I’m going to write up last night’s proceedings in full in the next week or so, but for now I’ll just tease you with a brief sketch of the wines. We kicked off with a brilliantly complex white port from 1917, which was bottled in 1927. Bizarre but wonderful. Next up the 2001 Niepoort Rosé, which was showing very well, and new white wine Tiara (fresh, crisp, quite minerally – a Riesling with no Riesling in it). An abrupt jump to the 2003 Redoma Branco Reserva followed: this is delicious in a rich style with some classy oak, but still expressive. Three reds all showed quite well: the 2002 Charme, 2003 Batuta (cask sample) and the 2001 Redoma. The latter is a fantastic wine: a bit wild, with lots of tannin and acid and currently very savoury and tight. What a wine: this, for me, is an archetypal Douro red.

Then the Ports: 1963 Colheita and 1963 Vintage. Both fantastic and rather different wines, drinking perfectly now, and the vintage Port still with some life ahead of it. Then the 2003s: the Niepoort Vintage (stunning, structured) and Secundum.  To eat, a rather good pigeon and pigs trotter pie, which was complemented brilliantly by the Redoma 01 and the Charme 02 – both very different styles – you wouldn’t think they were from the same region. Tonight, a quiet night in beckons invitingly. (Pictured is Dirk in full flow, flanked by Jancis Robinson [near] and Sara Jane Evans.)

Tuesday 17th May
Feeling a touch sluggish today after a late night. Yesterday evening Dirk Niepoort and I shared some wines at Tendido Cero – my favourite London tapas joint, which happily allows diners to bring their own wines. I supplied three wines, a half bottle of Trimbach’s CFE 1999, and two sturdy reds: Lafran Veyrolles Bandol Cuvée Longue Garde 1999, and Sam Harrop/Tom Lubbe’s Matassa 2002 from the Roussillon. I had the reds decanted and served them blind, but alas, the Matassa was horridly corked. Dirk provided a lovely mature Burgundy – a 1986 Armand Rousseau (alas, I can’t remember which one) and a half of Domaine Drouhin’s 2000 Pinot Noir. Great food, plenty of good wine and a chance to pick the brains of one of the planet’s most interesting producers, who’s a wine geek to boot – a very pleasant evening.   

Earlier in the day I lunched with another interesting person, this time a Norwegian professor of philosophy whose specialist field is aesthetics. He’s currently writing a book about the philosophy of wine appreciation in collaboration with one of his colleagues.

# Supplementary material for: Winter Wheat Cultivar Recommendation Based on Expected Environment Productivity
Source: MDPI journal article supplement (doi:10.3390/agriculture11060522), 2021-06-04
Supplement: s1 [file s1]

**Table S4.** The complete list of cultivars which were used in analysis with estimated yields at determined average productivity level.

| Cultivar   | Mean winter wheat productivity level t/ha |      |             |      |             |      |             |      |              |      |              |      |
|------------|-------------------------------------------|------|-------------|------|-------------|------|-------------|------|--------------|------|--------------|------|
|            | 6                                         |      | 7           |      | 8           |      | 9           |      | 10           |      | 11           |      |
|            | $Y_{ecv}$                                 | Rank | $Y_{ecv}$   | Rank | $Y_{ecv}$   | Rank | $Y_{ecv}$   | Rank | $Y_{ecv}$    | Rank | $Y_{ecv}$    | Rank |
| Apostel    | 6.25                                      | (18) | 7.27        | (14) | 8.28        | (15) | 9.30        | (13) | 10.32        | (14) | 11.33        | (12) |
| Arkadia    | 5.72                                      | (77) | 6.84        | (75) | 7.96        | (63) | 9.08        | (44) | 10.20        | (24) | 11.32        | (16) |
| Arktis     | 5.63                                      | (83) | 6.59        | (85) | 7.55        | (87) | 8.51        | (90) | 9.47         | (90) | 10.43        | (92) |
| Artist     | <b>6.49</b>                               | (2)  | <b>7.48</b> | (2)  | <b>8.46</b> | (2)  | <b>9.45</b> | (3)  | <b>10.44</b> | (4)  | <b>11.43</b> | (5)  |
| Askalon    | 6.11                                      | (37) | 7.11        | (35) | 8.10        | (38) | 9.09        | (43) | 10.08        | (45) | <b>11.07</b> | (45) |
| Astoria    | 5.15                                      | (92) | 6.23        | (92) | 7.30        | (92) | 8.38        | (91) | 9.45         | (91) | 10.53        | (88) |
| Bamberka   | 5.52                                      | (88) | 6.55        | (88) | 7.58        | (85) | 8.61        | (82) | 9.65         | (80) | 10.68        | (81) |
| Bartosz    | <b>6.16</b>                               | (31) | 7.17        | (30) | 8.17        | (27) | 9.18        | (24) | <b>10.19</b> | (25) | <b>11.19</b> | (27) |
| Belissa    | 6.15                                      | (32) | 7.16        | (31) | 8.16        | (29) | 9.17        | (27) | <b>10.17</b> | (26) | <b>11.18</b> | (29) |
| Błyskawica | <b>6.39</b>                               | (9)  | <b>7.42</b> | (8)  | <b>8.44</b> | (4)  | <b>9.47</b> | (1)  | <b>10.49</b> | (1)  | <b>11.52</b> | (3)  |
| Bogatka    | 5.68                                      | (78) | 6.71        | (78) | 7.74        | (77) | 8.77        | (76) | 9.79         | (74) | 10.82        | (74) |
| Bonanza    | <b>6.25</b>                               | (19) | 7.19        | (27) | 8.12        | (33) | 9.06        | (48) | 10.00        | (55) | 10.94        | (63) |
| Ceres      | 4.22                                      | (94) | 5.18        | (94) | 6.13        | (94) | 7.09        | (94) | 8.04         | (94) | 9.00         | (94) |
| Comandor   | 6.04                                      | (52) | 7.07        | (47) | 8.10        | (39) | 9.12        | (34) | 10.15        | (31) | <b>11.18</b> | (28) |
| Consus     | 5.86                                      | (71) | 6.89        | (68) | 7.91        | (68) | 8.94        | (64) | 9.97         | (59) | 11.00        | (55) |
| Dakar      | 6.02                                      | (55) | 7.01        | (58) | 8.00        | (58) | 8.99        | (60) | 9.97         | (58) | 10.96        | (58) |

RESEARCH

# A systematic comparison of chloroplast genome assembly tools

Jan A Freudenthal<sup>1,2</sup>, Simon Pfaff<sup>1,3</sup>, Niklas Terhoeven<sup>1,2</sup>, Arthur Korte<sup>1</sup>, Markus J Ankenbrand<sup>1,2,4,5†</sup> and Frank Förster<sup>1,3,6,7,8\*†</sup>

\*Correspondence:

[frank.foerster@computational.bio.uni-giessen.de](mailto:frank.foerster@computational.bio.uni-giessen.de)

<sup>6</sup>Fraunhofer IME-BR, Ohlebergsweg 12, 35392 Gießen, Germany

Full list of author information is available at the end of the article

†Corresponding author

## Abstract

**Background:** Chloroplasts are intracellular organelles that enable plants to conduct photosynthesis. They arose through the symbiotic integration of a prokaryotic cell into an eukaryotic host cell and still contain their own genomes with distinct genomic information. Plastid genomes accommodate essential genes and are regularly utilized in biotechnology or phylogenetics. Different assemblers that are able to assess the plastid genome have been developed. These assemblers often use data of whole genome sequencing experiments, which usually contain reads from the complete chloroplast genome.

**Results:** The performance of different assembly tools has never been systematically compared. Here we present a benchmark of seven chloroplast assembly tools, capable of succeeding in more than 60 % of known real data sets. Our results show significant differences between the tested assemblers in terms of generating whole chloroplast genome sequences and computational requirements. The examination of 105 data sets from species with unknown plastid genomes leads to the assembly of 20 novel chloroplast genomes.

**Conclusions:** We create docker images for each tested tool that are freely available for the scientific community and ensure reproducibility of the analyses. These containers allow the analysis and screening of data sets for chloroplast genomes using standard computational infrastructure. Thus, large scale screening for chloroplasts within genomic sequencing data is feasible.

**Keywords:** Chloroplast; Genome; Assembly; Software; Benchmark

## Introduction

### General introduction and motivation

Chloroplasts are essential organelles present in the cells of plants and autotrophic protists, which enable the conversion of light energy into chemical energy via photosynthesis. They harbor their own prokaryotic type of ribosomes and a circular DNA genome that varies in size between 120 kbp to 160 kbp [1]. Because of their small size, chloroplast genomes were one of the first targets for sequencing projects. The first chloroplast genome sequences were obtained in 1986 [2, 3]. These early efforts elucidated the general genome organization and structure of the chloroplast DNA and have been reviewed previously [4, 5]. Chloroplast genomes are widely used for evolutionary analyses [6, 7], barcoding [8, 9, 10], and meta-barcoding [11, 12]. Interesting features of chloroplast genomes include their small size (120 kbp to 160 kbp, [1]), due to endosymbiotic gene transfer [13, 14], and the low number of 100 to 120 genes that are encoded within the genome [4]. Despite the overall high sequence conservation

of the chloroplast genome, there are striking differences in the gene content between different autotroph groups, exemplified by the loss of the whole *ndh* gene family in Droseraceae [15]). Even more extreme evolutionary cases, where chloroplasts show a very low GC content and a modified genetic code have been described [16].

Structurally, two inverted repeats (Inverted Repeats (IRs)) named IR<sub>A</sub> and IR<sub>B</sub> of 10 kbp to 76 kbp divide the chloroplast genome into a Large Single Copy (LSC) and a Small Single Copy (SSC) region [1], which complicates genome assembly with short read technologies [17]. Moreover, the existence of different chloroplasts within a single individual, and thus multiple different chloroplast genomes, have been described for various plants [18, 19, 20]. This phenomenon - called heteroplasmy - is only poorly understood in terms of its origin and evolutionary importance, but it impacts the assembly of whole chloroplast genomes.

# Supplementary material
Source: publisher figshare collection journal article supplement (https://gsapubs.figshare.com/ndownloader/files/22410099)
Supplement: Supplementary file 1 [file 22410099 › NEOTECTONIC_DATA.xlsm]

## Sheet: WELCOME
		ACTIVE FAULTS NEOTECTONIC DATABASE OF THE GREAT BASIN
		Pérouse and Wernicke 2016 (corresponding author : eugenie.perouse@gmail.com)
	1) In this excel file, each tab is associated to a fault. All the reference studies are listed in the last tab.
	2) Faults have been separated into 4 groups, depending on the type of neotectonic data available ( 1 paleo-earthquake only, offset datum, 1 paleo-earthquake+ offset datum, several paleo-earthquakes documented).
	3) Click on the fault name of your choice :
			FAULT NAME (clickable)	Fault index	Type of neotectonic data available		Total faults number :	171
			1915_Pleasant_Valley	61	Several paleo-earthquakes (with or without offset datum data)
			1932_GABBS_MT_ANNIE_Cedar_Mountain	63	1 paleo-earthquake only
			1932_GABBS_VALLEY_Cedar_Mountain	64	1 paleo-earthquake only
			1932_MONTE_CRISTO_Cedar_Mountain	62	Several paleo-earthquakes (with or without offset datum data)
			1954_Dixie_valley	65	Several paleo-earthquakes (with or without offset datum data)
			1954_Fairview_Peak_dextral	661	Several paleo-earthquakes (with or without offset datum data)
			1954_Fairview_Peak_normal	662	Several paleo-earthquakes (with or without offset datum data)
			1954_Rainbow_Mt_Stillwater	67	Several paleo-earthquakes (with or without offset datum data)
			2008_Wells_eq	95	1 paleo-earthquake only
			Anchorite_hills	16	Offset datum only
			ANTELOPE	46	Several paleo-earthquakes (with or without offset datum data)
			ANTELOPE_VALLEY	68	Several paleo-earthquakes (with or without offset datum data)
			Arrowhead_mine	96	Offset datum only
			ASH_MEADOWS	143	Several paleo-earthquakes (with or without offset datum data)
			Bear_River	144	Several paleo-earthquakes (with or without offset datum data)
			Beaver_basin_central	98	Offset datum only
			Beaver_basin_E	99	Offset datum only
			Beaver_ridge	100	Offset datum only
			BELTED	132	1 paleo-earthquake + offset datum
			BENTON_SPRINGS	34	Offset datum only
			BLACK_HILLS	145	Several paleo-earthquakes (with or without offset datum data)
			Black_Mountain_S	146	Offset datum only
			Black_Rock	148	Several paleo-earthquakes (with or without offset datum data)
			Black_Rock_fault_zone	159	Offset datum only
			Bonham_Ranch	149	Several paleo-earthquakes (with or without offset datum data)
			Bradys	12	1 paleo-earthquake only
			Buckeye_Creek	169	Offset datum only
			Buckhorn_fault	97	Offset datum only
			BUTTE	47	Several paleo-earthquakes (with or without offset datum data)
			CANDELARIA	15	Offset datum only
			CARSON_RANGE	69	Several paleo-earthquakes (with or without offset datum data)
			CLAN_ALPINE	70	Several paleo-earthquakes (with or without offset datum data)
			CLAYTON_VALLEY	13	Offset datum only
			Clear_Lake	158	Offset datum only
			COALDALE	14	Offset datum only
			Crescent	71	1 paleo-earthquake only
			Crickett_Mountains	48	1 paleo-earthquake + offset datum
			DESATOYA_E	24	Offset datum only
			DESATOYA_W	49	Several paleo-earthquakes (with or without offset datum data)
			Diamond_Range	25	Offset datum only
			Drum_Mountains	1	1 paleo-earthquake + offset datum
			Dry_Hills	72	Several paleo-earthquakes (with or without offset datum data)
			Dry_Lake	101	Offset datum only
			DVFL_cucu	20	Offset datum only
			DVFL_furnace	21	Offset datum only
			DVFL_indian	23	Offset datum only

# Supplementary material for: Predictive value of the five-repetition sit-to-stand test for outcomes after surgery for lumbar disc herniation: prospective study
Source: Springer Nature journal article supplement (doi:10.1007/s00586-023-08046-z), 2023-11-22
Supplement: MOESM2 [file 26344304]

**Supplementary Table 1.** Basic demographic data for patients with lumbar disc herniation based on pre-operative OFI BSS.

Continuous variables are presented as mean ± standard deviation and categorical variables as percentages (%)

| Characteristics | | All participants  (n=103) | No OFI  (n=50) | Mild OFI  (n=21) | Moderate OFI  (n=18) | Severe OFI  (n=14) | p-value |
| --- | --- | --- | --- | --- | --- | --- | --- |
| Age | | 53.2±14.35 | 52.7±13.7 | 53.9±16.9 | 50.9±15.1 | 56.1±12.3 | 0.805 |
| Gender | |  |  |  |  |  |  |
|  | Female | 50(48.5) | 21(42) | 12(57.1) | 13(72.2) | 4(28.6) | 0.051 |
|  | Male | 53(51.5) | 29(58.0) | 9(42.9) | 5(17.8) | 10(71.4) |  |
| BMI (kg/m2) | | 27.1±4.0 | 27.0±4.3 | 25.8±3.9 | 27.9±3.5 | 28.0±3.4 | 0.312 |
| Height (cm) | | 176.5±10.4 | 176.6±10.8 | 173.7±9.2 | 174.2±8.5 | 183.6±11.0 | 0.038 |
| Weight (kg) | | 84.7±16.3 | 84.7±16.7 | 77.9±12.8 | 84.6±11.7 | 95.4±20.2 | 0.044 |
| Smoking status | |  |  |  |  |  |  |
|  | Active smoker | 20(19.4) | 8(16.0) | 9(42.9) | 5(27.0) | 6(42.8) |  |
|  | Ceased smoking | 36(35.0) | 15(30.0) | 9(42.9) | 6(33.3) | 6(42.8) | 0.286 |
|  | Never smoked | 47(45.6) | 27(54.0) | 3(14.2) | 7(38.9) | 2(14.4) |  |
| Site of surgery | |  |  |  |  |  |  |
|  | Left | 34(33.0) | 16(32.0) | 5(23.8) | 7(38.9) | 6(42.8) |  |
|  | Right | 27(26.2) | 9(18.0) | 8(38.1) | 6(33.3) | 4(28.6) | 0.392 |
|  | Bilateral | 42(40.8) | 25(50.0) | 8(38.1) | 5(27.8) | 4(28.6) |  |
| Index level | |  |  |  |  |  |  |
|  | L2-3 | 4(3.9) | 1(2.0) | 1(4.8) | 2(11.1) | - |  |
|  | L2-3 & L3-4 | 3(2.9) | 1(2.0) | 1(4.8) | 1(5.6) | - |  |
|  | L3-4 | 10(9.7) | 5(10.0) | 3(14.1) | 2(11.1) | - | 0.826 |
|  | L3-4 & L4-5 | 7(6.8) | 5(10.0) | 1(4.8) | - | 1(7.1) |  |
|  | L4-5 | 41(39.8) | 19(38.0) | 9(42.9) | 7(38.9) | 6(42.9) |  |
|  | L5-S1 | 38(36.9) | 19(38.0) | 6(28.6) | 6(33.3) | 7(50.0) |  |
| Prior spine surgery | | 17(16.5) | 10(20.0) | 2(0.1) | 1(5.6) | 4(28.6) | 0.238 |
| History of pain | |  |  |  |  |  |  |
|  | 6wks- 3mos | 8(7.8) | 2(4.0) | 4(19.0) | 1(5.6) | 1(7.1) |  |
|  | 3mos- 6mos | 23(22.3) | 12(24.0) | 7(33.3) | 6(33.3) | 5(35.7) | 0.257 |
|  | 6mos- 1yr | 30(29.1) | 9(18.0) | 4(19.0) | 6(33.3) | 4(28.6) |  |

I must fortify myself, though, for another late night. It’s the official annual Dirk Niepoort dinner tonight, for which we return to St John, currently a highly trendy eaterie which I visited for the first time last month. I’m looking forward to trying 2003 Niepoort Ports, among other things. I’m sure there will be plenty of interesting wines. Perhaps even a Douro Riesling?

Monday 16th May
It's strange how places or events sometimes cluster. For me, this weekend centred on Teddington. We went to The Park, a restaurant there, to celebrate Fiona's birthday on Saturday. Lovely ambience - informal, modern and quite sytlish. The food was pretty poor, though. My red mullet was a bit muddy, served on a bed of over-flavoured basil-infused mash and surrounded by a ring of what tasted suspiciously like Campbell's cream of tomato soup. Fiona's seared scallops were wrapped in salty bacon that completely overwhelmed them. Still, the Ropiteau Chablis we ordered was very tasty and fairly well priced at £16. I think this is the sort of place where you order the steak frites. Back to Teddington yesterday for a nice afternoon in Bushey Park, followed by a trip to Teddington Memorial Hospital with a suspected fractured wrist (I'd done the injury earlier in the day, but it kept getting worse, and Teddington has a walk-in NHS service that's loads quicker than our nearest A&E). Their X-ray machine wasn't working, so I was told to go back this morning. Only I didn't, because it's feeling a bit better, and they've given me a really good splint-like device that keeps the wrist from moving. I'll go back if it doesn't clear up soon. 

The key thing is that I got home in time for Match of the day. Football talk. So, the last day of the premiership season yesterday. An eventful one, with four teams fighting to avoid filling the three relegation berths, and City with a chance to go into the UEFA cup next season if they finished seventh. To do this they had to beat Middlesborough. It's 1-1 and the game is in injury time. City win a penalty. All Robbie Fowler has to do is to score from 12 yards and we're there. He doesn't. Groan. Still, 8th is a very good position, and things are looking good for next season. It's a good time to be a blue.